An affair to remember

britannicusMuch of my time at the moment is devoted to orchids, the places in which they’re found, and the people involved with plants and places alike. While that’s my primary focus these days, it wasn’t always thus.

I’ve been a faithful birder for as long as I can remember, and those that know me well will attest to my thing for orchids; but over the years I’ve also flirted with sea mammals, dallied with cowries, and had close encounters with moths aplenty. My first love though was butterflies. I was incredibly fortunate to be at school with one of the sons of the founder of Worldwide Butterflies, Robert Goodden, and became firm friends with both his sons and his daughter (the talented artist Sally Goodden).

With Robert’s encouragement my nascent interest in butterflies flourished. I became obsessed with them – seeing as many different species of them as possible soon wasn’t enough for me, and I set about breeding as many of them in captivity as I practically could in an assortment of homemade rearing cages – I swiftly upgraded from unsatisfactory jam jars to old ice cream cartons, and then on to larger stuff – my Slow Worms were released back to the compost heap from whence they’d came and the old aquarium I had grandly described as their vivarium became a deluxe caterpillar rearing station.

silver washed frit larva instar2Over the next few years it housed all sorts of colourful things beyond the inevitable Small Tortoiseshells, Red Admirals and Peacocks – Holly Blues, Orange-tips, Small Coppers, Clouded Yellows, Marbled Whites… and then onto grander fare, Silver-washed and Dark Green Fritillaries, Swallowtails and, one memorable year, White Admirals – their spiky, funky caterpillars were my favourites of all.

(This spiky chap in the photo is a Silver-washed Fritillary from a brood I reared years ago).

The feeling of joy releasing the freshly emerged butterflies was intense for a young boy – I’d not only accomplished something that was relatively technically challenging, but had played a small part in creating something beautiful – gorgeous butterflies that, protected from the vicissitudes of predation, parasitism or simple mischance whilst caterpillars, had emerged safely in my care and could augment their brethren in the wild.

My love of butterflies has never waned. Beside my bed is a framed print from one of my all-time favourite natural history books, the epic folio “Natural History of British Butterflies” written and illustrated by F.W.Frohawk. To create this, the first comprehensive study of every stage of the lifecycle of every species of British butterfly, Frohawk bred them all himself in captivity. Needless to say, he was a bit of a hero of mine as a kid.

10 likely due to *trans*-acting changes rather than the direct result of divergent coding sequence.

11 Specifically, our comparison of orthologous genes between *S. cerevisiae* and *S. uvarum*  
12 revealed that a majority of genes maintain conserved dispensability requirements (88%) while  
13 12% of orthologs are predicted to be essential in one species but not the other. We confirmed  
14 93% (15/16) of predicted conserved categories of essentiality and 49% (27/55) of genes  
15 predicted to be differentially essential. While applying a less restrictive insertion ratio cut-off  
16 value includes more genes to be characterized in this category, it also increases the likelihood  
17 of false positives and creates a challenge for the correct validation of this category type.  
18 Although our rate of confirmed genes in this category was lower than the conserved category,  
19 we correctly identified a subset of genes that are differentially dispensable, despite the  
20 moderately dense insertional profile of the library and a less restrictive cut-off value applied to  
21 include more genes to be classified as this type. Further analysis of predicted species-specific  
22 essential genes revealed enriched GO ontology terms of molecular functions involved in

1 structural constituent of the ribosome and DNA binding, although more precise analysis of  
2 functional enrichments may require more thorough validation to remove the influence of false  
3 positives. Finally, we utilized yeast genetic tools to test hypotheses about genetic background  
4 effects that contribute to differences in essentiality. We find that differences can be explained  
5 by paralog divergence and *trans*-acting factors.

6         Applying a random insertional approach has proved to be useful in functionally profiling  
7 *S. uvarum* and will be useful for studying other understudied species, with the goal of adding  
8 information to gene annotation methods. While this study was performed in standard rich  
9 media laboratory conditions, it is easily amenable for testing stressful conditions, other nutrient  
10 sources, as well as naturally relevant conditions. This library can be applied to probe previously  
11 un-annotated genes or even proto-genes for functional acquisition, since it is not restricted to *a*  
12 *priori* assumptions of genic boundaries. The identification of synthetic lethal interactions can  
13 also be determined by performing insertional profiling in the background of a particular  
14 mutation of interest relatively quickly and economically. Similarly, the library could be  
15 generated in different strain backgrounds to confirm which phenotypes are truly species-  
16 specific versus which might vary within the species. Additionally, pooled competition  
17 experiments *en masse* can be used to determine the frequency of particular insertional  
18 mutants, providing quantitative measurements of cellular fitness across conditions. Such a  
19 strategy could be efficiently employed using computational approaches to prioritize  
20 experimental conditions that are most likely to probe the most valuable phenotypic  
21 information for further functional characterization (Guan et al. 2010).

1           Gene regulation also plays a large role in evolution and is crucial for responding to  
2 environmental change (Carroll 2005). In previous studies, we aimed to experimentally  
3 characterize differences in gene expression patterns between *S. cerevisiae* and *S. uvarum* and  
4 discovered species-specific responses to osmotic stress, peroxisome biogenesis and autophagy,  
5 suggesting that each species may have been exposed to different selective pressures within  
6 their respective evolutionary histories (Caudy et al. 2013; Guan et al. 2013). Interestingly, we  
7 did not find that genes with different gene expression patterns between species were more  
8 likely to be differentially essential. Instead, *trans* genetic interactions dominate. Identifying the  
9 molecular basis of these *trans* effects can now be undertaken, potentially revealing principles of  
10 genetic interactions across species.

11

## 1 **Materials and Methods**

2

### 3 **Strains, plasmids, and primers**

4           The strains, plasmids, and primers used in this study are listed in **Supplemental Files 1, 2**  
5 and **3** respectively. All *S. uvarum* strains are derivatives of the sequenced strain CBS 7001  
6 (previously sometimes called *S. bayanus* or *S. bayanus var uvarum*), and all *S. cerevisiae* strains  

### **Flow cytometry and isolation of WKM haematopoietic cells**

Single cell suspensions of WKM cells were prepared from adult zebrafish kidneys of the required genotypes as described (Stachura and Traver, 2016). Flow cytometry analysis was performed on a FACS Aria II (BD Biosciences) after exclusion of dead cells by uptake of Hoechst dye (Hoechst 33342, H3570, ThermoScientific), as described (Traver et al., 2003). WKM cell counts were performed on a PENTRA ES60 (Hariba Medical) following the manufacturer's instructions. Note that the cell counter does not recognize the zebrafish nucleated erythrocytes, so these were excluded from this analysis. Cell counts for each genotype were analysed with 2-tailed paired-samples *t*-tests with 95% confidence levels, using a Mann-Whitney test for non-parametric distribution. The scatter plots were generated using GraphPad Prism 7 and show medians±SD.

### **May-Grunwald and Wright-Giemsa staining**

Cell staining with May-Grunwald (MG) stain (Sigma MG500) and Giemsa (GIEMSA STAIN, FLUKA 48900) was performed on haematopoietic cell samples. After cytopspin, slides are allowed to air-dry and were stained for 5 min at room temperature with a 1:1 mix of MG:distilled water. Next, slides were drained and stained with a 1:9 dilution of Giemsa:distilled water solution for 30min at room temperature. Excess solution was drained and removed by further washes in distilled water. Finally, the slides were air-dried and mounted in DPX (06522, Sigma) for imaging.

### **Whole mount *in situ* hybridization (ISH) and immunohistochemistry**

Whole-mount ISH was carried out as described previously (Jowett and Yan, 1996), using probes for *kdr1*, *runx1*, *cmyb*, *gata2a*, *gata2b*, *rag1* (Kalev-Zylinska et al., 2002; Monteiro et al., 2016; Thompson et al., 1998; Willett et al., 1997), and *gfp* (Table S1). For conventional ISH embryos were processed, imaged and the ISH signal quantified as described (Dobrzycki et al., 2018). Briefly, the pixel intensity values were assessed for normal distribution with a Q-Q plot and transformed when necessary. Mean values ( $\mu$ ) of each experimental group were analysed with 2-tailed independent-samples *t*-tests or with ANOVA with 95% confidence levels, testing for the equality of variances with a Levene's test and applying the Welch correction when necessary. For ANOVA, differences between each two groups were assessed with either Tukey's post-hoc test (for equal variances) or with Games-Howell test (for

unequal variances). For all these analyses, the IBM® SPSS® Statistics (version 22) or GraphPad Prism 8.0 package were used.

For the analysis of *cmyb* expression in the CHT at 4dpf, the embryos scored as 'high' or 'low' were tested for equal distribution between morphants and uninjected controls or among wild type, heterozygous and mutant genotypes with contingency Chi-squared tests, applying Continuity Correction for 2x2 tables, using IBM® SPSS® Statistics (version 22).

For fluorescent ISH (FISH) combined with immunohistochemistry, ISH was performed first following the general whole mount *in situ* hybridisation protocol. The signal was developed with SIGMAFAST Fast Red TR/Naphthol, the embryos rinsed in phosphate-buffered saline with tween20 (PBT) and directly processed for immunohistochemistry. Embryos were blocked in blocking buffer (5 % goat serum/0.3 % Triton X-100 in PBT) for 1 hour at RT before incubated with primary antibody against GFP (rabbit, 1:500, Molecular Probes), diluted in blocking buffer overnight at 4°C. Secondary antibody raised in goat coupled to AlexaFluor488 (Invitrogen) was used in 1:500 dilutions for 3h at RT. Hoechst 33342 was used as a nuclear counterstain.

Frohawk Apatura IrisMy chosen print is of the king of all the British butterflies, His Imperial Majesty – the Purple Emperor. My favourite of all – and I’m not alone in worshipping this most majestic of insects.

Matthew Oates has been in thrall to butterflies for decades too – and I’ve lately been taking a break from the orchids to read his recently published memoir, “In Pursuit of Butterflies: A Fifty-Year Affair“.

This is natural history writing of the highest order – it’s a modern classic – an evocative, beautiful, acutely observed and wryly humorous account of one man’s life watching, studying and championing Britain’s impoverished butterfly fauna.

(Compared to the continent we have a meagre selection of species – I’m only a few chapters into it and haven’t discovered yet whether Matthew spreads his wings further afield – and I think if he had visited the Picos de Europa in northern Spain he would have probably spontaneously combusted!)

IPOB coverI’ve seen parallel after parallel between his early experiences and mine growing up in rural Somerset and Dorset – his account of pursuing Clouded Yellows exactly mirrored mine, right down to the net we both used in those halcyon childhood days:

“…the Clouded Yellows were in: I caught one of those golden speedsters in a pink shrimping net in a wildflower combe that has long since been converted into a cereal field.”

Above all, what comes through in Matthew’s luminous prose is his love of butterflies and the British countryside’s myriad facets. This is a book I simply don’t want to finish. I love it.

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2 Responses to An affair to remember

  1. Steve Gale says:

    Yes Jon, it is a special book indeed. As for Frowhawk, when we meet in the summer I have a surprise lined up…

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